The reason? A much larger rival government student loan programme, known as Fies, has scaled back under a federal budget austerity programme. As access to the government programme has been tightened for students, the private sector has become more attractive.
“These changes have been very good for us,” says Gabriel Haddad, finance director of Ideal Invest.
The company was founded in 2001 by Oliver Mizne, a young entrepreneur who wanted to use financial markets to increase access to education for Brazil’s lower income groups. It followed the opening up of Brazilian higher education to the private sector in 1998. Deregulation led to a proliferation of private universities catering partly to students from the new lower-middle classes. Between 2002 and 2012, the number of students in tertiary education in Brazil doubled to 7m.
To encourage growth, the government strengthened student loan schemes, culminating in Fies. Until the end of last year, deals were offered with favourable terms, such as a heavily subsidised interest rate and practically unrestricted access. Private universities had a field day, attracting new students and financing them through Fies. The number of students who signed up each year rose almost 10-fold between 2010 and 2014 to about 732,000.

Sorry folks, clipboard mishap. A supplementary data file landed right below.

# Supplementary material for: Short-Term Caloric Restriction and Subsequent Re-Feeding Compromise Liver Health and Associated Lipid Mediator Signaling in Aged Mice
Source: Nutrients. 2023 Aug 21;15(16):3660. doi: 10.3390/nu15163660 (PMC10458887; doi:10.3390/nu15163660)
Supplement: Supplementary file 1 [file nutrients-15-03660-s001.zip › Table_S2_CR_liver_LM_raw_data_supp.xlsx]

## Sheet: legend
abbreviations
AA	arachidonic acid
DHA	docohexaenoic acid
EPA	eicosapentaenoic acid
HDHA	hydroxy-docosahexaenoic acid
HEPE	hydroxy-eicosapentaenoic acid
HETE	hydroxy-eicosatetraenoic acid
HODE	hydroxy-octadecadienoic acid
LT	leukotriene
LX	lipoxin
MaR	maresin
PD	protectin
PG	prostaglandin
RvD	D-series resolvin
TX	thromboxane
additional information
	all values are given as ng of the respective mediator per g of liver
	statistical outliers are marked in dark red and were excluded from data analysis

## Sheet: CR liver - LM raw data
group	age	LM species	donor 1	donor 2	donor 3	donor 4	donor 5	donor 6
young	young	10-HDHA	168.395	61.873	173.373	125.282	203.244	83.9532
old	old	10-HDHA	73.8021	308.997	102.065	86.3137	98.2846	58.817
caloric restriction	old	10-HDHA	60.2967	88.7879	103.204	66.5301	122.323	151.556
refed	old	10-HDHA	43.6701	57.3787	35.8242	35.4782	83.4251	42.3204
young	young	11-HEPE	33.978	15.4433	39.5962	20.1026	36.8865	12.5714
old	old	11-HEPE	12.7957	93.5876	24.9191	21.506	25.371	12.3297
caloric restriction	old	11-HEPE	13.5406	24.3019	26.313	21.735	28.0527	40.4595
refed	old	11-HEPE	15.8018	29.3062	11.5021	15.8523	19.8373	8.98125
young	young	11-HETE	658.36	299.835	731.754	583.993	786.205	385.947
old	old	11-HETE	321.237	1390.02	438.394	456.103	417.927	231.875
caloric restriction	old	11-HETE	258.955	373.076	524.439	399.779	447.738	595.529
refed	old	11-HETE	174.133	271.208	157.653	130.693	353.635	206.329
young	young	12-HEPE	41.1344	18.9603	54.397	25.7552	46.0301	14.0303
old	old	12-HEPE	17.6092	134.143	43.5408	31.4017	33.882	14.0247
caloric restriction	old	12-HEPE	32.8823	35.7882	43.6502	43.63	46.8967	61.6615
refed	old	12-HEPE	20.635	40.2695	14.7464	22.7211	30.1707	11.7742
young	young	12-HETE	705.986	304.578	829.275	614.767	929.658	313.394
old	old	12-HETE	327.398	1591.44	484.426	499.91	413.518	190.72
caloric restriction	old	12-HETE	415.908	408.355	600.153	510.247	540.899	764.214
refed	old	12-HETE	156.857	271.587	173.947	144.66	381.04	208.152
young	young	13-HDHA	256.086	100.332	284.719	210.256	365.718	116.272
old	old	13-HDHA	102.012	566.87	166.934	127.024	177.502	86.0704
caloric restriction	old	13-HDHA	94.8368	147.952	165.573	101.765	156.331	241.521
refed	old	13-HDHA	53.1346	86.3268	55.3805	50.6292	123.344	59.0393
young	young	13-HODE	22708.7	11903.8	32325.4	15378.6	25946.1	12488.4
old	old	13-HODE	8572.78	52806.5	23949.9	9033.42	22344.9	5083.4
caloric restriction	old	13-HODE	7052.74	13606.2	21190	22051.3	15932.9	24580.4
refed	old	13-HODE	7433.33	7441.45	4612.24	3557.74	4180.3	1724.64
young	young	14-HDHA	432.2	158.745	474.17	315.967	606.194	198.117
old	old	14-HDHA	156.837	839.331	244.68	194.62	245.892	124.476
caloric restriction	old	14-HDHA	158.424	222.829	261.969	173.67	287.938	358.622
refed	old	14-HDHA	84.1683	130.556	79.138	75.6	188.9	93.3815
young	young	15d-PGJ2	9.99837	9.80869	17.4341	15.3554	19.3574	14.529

“By offering extremely attractive conditions (3.4 per cent annual interest rate; 5.5 years of grace period), the program . . . lowered students’ sensitivity to prices,” Credit Suisse said of Fies in a report. The education companies took advantage of this, not only to “post sound growth rates but also to increase margins.”
Ideal Invest, meanwhile, started out by offering working capital finance to private universities before, in 2006, moving into student loans under the brand name Pravaler. The company has since set up partnerships with about 200 universities, representing about 50 per cent of private undergraduate students. Since 2006, it has signed up more than 50,000 students through loan programmes worth more than R$1bn (£167m).
The company offered finance to students who did not qualify for Fies, perhaps because the government option was not available for the course or university. And it offered terms that some found more attractive. These included a shorter repayment period of about 2.5 times the length of study. The student started paying half the tuition fee per month from the start of the course. Often, interest is paid by the education institution.
To enrol in the programme, Ideal Invest demands the participant has a cosignatory for the loan, usually a parent, who earns at least twice the monthly tuition fee. It uses a proprietary credit scoring model that takes into account the student’s planned course, the university and his or her academic performance to judge creditworthiness.
Ideal Invest funds the programme by issuing notes for an asset-backed securities programme. Investors include Victoria Capital and EOS Investimentos. The World Bank’s private sector investment arm, the International Finance Corporation, also has equity in the company.